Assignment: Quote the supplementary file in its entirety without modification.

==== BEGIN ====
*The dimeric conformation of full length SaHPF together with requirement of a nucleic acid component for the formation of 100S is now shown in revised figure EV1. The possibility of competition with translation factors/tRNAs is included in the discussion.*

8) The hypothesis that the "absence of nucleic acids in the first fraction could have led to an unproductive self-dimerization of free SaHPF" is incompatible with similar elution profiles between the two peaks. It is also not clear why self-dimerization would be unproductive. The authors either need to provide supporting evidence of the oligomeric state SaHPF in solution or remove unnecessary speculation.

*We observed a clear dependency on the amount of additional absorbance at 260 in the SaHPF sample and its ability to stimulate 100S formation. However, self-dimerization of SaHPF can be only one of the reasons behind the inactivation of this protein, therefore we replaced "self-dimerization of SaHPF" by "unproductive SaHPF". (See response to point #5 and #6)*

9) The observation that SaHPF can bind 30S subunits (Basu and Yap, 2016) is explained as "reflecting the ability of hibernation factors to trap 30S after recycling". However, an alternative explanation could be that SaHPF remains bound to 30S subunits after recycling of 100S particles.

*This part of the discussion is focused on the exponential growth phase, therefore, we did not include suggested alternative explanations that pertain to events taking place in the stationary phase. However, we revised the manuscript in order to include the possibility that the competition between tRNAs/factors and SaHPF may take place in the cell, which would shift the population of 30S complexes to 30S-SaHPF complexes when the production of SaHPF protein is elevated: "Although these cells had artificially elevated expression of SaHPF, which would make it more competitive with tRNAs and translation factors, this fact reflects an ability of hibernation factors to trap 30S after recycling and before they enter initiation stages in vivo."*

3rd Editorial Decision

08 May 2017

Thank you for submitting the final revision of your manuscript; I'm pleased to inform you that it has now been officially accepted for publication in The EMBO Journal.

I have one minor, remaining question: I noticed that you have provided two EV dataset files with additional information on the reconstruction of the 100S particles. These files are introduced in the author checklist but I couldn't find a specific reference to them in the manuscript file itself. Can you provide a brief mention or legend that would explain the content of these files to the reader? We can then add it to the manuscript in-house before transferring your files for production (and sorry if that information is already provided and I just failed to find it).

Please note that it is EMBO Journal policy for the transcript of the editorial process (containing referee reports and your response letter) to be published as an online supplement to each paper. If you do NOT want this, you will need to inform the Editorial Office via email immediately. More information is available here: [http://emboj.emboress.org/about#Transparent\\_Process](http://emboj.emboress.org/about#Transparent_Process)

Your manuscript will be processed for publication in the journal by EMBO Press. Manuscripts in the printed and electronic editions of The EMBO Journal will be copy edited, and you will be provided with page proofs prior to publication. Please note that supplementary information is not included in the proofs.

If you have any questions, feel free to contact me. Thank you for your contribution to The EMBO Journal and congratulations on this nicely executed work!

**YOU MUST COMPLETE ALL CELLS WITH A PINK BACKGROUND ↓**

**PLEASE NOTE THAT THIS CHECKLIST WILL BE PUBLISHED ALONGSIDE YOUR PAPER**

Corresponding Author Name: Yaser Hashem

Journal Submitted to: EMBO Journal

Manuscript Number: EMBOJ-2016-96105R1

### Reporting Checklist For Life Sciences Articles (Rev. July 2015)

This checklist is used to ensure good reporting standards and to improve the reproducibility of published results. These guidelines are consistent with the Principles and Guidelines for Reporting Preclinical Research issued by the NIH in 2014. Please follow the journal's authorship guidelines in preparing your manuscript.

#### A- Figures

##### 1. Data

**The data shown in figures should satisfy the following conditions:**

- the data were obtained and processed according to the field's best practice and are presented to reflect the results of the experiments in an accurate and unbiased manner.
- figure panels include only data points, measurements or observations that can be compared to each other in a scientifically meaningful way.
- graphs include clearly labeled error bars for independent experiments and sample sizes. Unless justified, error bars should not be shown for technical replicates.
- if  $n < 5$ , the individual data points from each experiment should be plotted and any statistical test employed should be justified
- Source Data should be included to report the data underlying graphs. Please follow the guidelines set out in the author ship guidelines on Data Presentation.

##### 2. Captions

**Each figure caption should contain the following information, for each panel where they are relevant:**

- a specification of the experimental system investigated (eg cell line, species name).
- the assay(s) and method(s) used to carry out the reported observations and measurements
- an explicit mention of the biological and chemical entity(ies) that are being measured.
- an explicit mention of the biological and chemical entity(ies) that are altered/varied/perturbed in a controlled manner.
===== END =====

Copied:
*The dimeric conformation of full length SaHPF together with requirement of a nucleic acid component for the formation of 100S is now shown in revised figure EV1. The possibility of competition with translation factors/tRNAs is included in the discussion.*

8) The hypothesis that the "absence of nucleic acids in the first fraction could have led to an unproductive self-dimerization of free SaHPF" is incompatible with similar elution profiles between the two peaks. It is also not clear why self-dimerization would be unproductive. The authors either need to provide supporting evidence of the oligomeric state SaHPF in solution or remove unnecessary speculation.

*We observed a clear dependency on the amount of additional absorbance at 260 in the SaHPF sample and its ability to stimulate 100S formation. However, self-dimerization of SaHPF can be only one of the reasons behind the inactivation of this protein, therefore we replaced "self-dimerization of SaHPF" by "unproductive SaHPF". (See response to point #5 and #6)*

9) The observation that SaHPF can bind 30S subunits (Basu and Yap, 2016) is explained as "reflecting the ability of hibernation factors to trap 30S after recycling". However, an alternative explanation could be that SaHPF remains bound to 30S subunits after recycling of 100S particles.

*This part of the discussion is focused on the exponential growth phase, therefore, we did not include suggested alternative explanations that pertain to events taking place in the stationary phase. However, we revised the manuscript in order to include the possibility that the competition between tRNAs/factors and SaHPF may take place in the cell, which would shift the population of 30S complexes to 30S-SaHPF complexes when the production of SaHPF protein is elevated: "Although these cells had artificially elevated expression of SaHPF, which would make it more competitive with tRNAs and translation factors, this fact reflects an ability of hibernation factors to trap 30S after recycling and before they enter initiation stages in vivo."*

3rd Editorial Decision

08 May 2017

Thank you for submitting the final revision of your manuscript; I'm pleased to inform you that it has now been officially accepted for publication in The EMBO Journal.

I have one minor, remaining question: I noticed that you have provided two EV dataset files with additional information on the reconstruction of the 100S particles. These files are introduced in the author checklist but I couldn't find a specific reference to them in the manuscript file itself. Can you provide a brief mention or legend that would explain the content of these files to the reader? We can then add it to the manuscript in-house before transferring your files for production (and sorry if that information is already provided and I just failed to find it).

Please note that it is EMBO Journal policy for the transcript of the editorial process (containing referee reports and your response letter) to be published as an online supplement to each paper. If you do NOT want this, you will need to inform the Editorial Office via email immediately. More information is available here: [http://emboj.emboress.org/about#Transparent\\_Process](http://emboj.emboress.org/about#Transparent_Process)

Your manuscript will be processed for publication in the journal by EMBO Press. Manuscripts in the printed and electronic editions of The EMBO Journal will be copy edited, and you will be provided with page proofs prior to publication. Please note that supplementary information is not included in the proofs.

If you have any questions, feel free to contact me. Thank you for your contribution to The EMBO Journal and congratulations on this nicely executed work!

**YOU MUST COMPLETE ALL CELLS WITH A PINK BACKGROUND ↓**

**PLEASE NOTE THAT THIS CHECKLIST WILL BE PUBLISHED ALONGSIDE YOUR PAPER**

Corresponding Author Name: Yaser Hashem

Journal Submitted to: EMBO Journal

Manuscript Number: EMBOJ-2016-96105R1

### Reporting Checklist For Life Sciences Articles (Rev. July 2015)

This checklist is used to ensure good reporting standards and to improve the reproducibility of published results. These guidelines are consistent with the Principles and Guidelines for Reporting Preclinical Research issued by the NIH in 2014. Please follow the journal's authorship guidelines in preparing your manuscript.

#### A- Figures

##### 1. Data

**The data shown in figures should satisfy the following conditions:**

- the data were obtained and processed according to the field's best practice and are presented to reflect the results of the experiments in an accurate and unbiased manner.
- figure panels include only data points, measurements or observations that can be compared to each other in a scientifically meaningful way.
- graphs include clearly labeled error bars for independent experiments and sample sizes. Unless justified, error bars should not be shown for technical replicates.
- if  $n < 5$ , the individual data points from each experiment should be plotted and any statistical test employed should be justified
- Source Data should be included to report the data underlying graphs. Please follow the guidelines set out in the author ship guidelines on Data Presentation.

##### 2. Captions

**Each figure caption should contain the following information, for each panel where they are relevant:**

- a specification of the experimental system investigated (eg cell line, species name).
- the assay(s) and method(s) used to carry out the reported observations and measurements
- an explicit mention of the biological and chemical entity(ies) that are being measured.
- an explicit mention of the biological and chemical entity(ies) that are altered/varied/perturbed in a controlled manner.